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Legal Update Article

What Manufacturers Sponsoring Pension Plans Should Know About Class Actions Challenging Plan Assumptions

An enduring wave of novel class actions challenging the actuarial assumptions used to calculate certain pension benefits has prompted many sponsors of defined benefit pension plans to evaluate their plan’s terms for calculation various forms of benefits. In total, nearly 30 cases have been filed to date. Several of these suits are against manufacturers.

Defined benefit pension plans offer a fixed benefit to retirees that is determined through formulas set forth in the plan’s documents. The Employee Retirement Income Security Act (ERISA) requires that pension benefits be expressed as a single life annuity; however, alternative forms of benefit distributions (e.g., joint and survivor annuities, term certain annuities) are often, and in some cases, required to be available.

While ERISA and the tax code mandate certain assumptions when calculating a lump-sum payout, ERISA does not mandate or describe the specific actuarial assumptions that must be used to convert between other forms of benefits. Rather, ERISA only requires generally that each form of benefit be the actuarial equivalent of the single life annuity. Therefore, plan sponsors typically set the assumptions used in the plan document itself. The assumptions used are usually a mortality assumption and interest rate or some type of conversion factor comprised of such assumptions.

The “actuarial equivalence” cases allege that plan sponsors or fiduciaries violate ERISA by adopting unreasonable actuarial assumptions. They assert that the underlying assumptions are based on obsolete information from the 1950s-80s. That information does not suit modern mortality and interest rates, they claim; and, as a result, certain retirees receive less than they are owed.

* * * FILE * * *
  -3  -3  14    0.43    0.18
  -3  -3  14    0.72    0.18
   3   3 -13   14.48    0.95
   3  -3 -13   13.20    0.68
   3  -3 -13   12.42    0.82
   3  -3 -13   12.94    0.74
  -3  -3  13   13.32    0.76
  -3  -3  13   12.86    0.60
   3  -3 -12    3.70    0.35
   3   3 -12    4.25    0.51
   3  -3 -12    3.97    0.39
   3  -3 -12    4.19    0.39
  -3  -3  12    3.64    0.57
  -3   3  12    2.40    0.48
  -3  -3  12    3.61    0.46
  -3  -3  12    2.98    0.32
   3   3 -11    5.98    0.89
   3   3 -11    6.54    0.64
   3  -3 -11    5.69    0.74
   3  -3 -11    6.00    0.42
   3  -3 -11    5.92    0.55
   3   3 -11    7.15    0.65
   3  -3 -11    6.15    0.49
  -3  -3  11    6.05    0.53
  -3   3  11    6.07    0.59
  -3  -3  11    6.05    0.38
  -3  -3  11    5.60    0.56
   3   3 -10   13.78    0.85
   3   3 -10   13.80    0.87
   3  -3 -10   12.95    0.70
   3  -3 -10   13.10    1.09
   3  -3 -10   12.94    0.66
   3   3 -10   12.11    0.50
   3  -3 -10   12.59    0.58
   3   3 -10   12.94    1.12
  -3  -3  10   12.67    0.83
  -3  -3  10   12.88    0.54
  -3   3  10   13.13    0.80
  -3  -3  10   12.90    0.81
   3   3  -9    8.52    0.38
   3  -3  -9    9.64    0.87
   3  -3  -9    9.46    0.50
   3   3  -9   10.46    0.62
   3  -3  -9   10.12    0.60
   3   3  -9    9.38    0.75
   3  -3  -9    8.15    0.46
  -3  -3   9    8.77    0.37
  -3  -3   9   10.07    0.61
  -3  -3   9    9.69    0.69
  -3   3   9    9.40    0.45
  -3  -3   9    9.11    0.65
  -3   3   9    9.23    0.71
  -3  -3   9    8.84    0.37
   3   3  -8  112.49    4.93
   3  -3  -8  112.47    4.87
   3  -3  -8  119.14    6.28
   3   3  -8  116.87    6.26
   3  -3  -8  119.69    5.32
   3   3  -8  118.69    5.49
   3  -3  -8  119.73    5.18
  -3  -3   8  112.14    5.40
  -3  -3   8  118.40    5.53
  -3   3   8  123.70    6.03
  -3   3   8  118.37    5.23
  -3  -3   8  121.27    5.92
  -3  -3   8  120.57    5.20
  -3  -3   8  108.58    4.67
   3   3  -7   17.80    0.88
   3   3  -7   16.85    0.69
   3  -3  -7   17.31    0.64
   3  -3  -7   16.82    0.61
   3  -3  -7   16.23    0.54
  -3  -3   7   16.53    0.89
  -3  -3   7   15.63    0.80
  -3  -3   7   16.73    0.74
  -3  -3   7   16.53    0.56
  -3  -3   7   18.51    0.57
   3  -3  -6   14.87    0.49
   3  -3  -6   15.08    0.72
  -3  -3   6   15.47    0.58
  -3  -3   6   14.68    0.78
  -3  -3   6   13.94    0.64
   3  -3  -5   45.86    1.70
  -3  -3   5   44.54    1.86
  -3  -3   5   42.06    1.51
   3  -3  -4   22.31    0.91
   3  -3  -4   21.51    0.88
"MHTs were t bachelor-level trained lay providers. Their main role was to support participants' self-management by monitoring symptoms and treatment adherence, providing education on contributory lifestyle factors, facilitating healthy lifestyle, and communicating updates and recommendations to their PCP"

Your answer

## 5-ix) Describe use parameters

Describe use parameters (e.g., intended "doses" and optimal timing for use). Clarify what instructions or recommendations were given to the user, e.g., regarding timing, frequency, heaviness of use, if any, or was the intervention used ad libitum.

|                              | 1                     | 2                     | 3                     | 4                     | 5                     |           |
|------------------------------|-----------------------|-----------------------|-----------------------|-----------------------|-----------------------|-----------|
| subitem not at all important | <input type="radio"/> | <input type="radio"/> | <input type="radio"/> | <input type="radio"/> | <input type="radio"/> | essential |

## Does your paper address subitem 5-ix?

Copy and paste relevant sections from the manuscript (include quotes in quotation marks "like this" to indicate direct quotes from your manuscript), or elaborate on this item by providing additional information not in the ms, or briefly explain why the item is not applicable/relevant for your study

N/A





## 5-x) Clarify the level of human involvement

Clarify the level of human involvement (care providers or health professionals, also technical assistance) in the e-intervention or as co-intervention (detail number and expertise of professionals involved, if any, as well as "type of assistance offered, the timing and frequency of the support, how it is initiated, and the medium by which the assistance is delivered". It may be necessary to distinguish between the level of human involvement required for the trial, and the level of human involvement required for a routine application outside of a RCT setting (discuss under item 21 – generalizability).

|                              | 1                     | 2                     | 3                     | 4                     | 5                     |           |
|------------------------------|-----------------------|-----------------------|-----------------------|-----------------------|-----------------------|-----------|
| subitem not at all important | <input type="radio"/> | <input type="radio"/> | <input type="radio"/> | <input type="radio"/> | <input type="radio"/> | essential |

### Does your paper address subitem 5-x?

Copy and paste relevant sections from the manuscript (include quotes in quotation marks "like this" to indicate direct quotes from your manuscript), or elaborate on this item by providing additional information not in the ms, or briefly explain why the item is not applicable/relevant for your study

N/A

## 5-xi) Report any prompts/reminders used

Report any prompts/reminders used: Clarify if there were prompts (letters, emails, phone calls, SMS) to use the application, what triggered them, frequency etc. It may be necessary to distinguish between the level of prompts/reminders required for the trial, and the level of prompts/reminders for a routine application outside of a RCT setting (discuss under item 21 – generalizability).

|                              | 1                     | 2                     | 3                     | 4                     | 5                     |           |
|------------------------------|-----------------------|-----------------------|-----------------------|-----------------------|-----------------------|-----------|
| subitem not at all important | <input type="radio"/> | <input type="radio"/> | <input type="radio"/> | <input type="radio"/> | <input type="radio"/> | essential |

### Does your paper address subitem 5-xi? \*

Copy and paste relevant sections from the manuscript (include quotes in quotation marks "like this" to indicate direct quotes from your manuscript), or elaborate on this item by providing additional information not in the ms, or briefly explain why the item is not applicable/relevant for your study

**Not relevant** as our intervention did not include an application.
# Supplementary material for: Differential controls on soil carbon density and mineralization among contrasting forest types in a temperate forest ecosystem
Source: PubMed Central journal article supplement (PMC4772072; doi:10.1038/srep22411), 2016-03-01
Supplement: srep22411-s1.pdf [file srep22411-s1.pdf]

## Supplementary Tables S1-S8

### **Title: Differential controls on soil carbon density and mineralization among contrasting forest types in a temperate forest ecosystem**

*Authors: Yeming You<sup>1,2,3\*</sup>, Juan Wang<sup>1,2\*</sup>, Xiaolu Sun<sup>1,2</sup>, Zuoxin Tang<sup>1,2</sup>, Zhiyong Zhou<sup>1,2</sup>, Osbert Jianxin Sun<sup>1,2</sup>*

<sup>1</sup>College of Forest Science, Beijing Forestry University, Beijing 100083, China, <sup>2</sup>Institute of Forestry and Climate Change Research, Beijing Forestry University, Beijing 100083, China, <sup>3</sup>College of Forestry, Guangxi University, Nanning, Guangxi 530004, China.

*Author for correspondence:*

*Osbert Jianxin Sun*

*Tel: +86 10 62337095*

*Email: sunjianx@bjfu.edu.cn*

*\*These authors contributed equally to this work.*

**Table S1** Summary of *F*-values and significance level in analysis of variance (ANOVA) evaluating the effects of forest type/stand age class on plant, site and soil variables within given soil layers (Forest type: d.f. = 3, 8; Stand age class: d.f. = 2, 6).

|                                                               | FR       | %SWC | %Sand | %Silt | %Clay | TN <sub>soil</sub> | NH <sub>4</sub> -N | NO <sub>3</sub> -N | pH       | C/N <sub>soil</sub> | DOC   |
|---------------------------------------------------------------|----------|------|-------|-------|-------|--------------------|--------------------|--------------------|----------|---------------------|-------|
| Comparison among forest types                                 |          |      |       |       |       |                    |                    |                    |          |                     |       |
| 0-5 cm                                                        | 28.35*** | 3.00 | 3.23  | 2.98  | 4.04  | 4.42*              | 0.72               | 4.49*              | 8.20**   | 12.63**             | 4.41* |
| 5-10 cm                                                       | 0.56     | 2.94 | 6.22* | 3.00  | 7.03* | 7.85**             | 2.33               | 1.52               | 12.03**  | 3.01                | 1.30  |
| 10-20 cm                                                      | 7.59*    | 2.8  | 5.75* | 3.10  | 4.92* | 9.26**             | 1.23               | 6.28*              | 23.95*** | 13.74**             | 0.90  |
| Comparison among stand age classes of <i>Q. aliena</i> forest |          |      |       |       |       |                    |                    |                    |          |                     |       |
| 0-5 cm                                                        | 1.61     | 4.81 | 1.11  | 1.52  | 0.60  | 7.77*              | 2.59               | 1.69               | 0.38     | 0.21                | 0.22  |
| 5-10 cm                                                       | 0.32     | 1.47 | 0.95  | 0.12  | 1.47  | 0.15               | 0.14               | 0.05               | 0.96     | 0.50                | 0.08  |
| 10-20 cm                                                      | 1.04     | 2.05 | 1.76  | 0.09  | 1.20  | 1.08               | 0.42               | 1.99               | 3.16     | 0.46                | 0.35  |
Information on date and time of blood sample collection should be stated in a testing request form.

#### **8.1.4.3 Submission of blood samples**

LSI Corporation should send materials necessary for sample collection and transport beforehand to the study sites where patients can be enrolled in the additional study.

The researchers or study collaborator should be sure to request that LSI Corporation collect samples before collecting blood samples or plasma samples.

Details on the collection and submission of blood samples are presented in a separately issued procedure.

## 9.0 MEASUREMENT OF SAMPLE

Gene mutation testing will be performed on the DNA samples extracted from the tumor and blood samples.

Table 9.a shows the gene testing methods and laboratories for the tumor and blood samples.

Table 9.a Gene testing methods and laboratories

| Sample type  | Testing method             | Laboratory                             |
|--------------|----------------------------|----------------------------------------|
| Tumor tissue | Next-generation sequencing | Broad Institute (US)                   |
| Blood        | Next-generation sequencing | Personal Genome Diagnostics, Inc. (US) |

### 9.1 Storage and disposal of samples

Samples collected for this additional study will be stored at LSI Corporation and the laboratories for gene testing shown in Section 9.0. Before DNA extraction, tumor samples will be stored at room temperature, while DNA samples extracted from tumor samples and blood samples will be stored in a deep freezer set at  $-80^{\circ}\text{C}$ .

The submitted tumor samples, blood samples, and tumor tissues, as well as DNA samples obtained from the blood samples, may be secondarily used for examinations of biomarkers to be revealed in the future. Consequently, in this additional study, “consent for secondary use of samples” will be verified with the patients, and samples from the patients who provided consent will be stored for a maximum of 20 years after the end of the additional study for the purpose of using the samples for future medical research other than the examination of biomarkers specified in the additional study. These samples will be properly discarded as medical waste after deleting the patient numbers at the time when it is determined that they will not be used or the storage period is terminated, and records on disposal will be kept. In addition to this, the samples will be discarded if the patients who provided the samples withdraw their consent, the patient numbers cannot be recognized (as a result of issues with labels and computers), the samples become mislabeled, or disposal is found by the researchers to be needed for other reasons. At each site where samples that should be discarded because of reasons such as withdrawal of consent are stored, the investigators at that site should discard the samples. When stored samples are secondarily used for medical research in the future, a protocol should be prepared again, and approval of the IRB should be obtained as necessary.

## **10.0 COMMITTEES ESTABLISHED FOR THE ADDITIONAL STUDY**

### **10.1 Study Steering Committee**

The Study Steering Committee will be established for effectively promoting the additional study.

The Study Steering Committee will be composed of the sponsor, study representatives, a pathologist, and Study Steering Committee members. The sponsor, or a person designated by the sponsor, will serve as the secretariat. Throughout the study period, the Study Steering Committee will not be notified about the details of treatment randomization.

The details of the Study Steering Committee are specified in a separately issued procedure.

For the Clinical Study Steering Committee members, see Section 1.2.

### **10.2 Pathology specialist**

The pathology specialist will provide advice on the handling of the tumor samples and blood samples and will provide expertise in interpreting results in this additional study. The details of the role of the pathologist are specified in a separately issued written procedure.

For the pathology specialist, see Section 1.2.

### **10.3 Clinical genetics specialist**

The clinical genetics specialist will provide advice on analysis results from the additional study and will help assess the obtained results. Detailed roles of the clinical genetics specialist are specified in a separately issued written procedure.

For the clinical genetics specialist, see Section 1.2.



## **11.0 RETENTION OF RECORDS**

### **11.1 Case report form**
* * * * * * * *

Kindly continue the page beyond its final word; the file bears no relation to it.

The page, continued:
On the merits, plan sponsors have responded that ERISA does not prescribe any kind of reasonableness requirement when mandating that actuarial assumptions be used. Plan sponsors also have noted that ERISA does not impose an ongoing duty to monitor or update the assumptions stated in the plan. (Even though Congress had the authority to do so and actually did so in other contexts in the statute, such as when it mandated certain conversion factors for lump-sum distributions.)

Courts are split on the issues. Some courts have found it inappropriate to read implicit requirements into ERISA and thus eschewing a reasonableness requirement. Some courts have found that Congress must have implied that the assumptions used are to be reasonable.

A consensus from the courts should not be expected in the immediate future. Although these cases first appeared in late-2018, most cases have made it past defendants’ early bids to dismiss at the pleadings stage. Many have settled, leaving few courts in a position to weigh in on the merits of what ERISA requires at this point.

Manufacturers that sponsor defined benefit plans should monitor these cases as they mature and consider whether to analyze their pension plan’s conversion formulas and assumptions. Ultimately, the design of the plan’s conversion assumptions will depend on the various employer- and plan-specific factors. A review of those factors will position sponsors to assess their litigation risk and whether any mitigation efforts would be beneficial.

Please contact a Jackson Lewis attorney if you have questions or need guidance.

© Jackson Lewis P.C. This material is provided for informational purposes only. It is not intended to constitute legal advice nor does it create a client-lawyer relationship between Jackson Lewis and any recipient. Recipients should consult with counsel before taking any actions based on the information contained within this material. This material may be considered attorney advertising in some jurisdictions. Prior results do not guarantee a similar outcome. 

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